The selection of uncommon, fresh foods can be overwhelming, even for frequent customers. On Saturday, Kris Wade of Silver Spring stood over a produce stand and snacked on a fresh-baked pretzel roll. Wade said she brought her friend Mia White, 36, of Temple Hills to ‘‘help keep me sane.”

‘‘Because you can come here and spend all your money,” Wade said.

She also needed White to help her carry her bags filled with collard greens and other produce. Next, Wade planned to pick up fried chicken and fresh donuts, treats that she ritually brings home to her family. The shopping experience and the foods are a tradition that Wade said will not change when the Dutch market moves to Laurel.

‘‘They definitely will have a following,” Wade said.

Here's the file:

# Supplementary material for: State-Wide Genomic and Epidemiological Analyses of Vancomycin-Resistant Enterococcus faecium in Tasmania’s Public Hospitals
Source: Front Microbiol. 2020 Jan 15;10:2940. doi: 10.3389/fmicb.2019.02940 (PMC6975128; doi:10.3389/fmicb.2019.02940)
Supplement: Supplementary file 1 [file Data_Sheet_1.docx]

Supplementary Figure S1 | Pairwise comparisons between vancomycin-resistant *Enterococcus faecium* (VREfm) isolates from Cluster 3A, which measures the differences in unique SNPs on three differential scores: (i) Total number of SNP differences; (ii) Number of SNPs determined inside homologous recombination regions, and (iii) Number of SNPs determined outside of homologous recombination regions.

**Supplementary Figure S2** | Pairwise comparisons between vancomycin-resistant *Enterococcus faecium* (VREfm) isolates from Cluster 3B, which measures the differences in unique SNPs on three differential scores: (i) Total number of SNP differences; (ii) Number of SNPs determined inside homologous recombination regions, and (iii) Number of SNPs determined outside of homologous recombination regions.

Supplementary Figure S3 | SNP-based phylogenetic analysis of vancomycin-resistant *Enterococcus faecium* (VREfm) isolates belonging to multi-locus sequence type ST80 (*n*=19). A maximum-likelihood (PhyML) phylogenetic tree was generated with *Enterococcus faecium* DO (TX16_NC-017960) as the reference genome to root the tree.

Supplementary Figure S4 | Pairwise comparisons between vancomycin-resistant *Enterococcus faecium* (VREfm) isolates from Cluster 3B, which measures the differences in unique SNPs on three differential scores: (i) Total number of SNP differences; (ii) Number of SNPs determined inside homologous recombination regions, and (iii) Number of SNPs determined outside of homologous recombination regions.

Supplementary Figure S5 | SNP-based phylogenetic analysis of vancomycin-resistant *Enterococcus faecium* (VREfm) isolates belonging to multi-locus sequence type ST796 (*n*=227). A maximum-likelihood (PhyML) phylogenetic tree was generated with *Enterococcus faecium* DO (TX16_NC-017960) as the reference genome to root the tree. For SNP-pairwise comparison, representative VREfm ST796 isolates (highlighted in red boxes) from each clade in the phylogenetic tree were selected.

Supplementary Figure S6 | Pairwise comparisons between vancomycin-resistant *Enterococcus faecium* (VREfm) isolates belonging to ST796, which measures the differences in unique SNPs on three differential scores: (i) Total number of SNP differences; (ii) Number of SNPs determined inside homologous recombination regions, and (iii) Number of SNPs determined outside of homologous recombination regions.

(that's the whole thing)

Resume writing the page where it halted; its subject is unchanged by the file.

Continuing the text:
In the aisle lined with pickled goods – sauerkraut and jalapeno eggs — Joanna Rollins of Columbia scoped out the shelves with her two daughters. Her 4-year-old, KellieAnn, followed close behind, hugging a bag of homemade cheese curls.

The mom-and-pop appeal of the market is a draw for Rollins, who said shopping at the Dutch market provides a family-friendly experience. Upon their first visits, her daughters asked many questions about the workers, who wear traditional garb and travel more than three hours from Amish and Mennonite communities in Lancaster County, Pa. to bring their homemade goods. Exposing her children to a unique culture offered them a new perspective, Rollins said.

‘‘It’s a different kind of lifestyle and it’s nice to see a family working together,” she said.

Workers at the market also have gained a rich experience through their customers, said Dave Fisher, the produce manager. Since the market’s inception, he has watched families grow.

And some things have remained constant. Fisher has clientele that shop on the same days and at the same hours every week. He said he can determine the time of day simply by the person who is standing at his produce stand.

‘‘I’ll likely shed a few tears,” Fisher said. ‘‘This has been a home away from home.”